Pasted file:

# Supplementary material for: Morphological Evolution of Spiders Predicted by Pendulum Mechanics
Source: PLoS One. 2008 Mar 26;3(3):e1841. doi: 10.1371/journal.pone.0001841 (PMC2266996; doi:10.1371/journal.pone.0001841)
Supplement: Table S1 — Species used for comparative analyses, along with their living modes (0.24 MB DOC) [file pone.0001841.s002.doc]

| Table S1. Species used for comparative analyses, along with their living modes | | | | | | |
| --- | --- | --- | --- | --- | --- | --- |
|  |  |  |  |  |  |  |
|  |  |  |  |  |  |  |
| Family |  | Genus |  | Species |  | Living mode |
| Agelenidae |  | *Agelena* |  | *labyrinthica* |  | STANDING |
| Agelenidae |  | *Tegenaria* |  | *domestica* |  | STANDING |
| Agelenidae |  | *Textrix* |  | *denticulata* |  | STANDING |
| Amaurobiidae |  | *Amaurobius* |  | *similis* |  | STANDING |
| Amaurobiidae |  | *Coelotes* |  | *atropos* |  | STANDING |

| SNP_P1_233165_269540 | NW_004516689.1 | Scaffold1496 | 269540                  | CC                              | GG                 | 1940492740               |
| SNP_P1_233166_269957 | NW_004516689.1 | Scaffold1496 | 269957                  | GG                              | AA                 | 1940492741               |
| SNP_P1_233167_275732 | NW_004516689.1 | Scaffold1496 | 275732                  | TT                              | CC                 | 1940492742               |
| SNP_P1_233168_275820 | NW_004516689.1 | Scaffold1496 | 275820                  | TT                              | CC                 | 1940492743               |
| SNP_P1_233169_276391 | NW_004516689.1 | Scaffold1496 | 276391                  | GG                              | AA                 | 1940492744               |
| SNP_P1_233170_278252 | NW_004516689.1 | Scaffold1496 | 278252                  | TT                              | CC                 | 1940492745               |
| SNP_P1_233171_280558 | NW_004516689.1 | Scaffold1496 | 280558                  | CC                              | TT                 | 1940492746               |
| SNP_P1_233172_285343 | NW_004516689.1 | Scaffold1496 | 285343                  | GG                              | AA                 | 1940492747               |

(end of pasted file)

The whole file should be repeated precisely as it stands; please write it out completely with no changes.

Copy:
# Supplementary material for: Morphological Evolution of Spiders Predicted by Pendulum Mechanics
Source: PLoS One. 2008 Mar 26;3(3):e1841. doi: 10.1371/journal.pone.0001841 (PMC2266996; doi:10.1371/journal.pone.0001841)
Supplement: Table S1 — Species used for comparative analyses, along with their living modes (0.24 MB DOC) [file pone.0001841.s002.doc]

| Table S1. Species used for comparative analyses, along with their living modes | | | | | | |
| --- | --- | --- | --- | --- | --- | --- |
|  |  |  |  |  |  |  |
|  |  |  |  |  |  |  |
| Family |  | Genus |  | Species |  | Living mode |
| Agelenidae |  | *Agelena* |  | *labyrinthica* |  | STANDING |
| Agelenidae |  | *Tegenaria* |  | *domestica* |  | STANDING |
| Agelenidae |  | *Textrix* |  | *denticulata* |  | STANDING |
| Amaurobiidae |  | *Amaurobius* |  | *similis* |  | STANDING |
| Amaurobiidae |  | *Coelotes* |  | *atropos* |  | STANDING |

| SNP_P1_233165_269540 | NW_004516689.1 | Scaffold1496 | 269540                  | CC                              | GG                 | 1940492740               |
| SNP_P1_233166_269957 | NW_004516689.1 | Scaffold1496 | 269957                  | GG                              | AA                 | 1940492741               |
| SNP_P1_233167_275732 | NW_004516689.1 | Scaffold1496 | 275732                  | TT                              | CC                 | 1940492742               |
| SNP_P1_233168_275820 | NW_004516689.1 | Scaffold1496 | 275820                  | TT                              | CC                 | 1940492743               |
| SNP_P1_233169_276391 | NW_004516689.1 | Scaffold1496 | 276391                  | GG                              | AA                 | 1940492744               |
| SNP_P1_233170_278252 | NW_004516689.1 | Scaffold1496 | 278252                  | TT                              | CC                 | 1940492745               |
| SNP_P1_233171_280558 | NW_004516689.1 | Scaffold1496 | 280558                  | CC                              | TT                 | 1940492746               |
| SNP_P1_233172_285343 | NW_004516689.1 | Scaffold1496 | 285343                  | GG                              | AA                 | 1940492747               |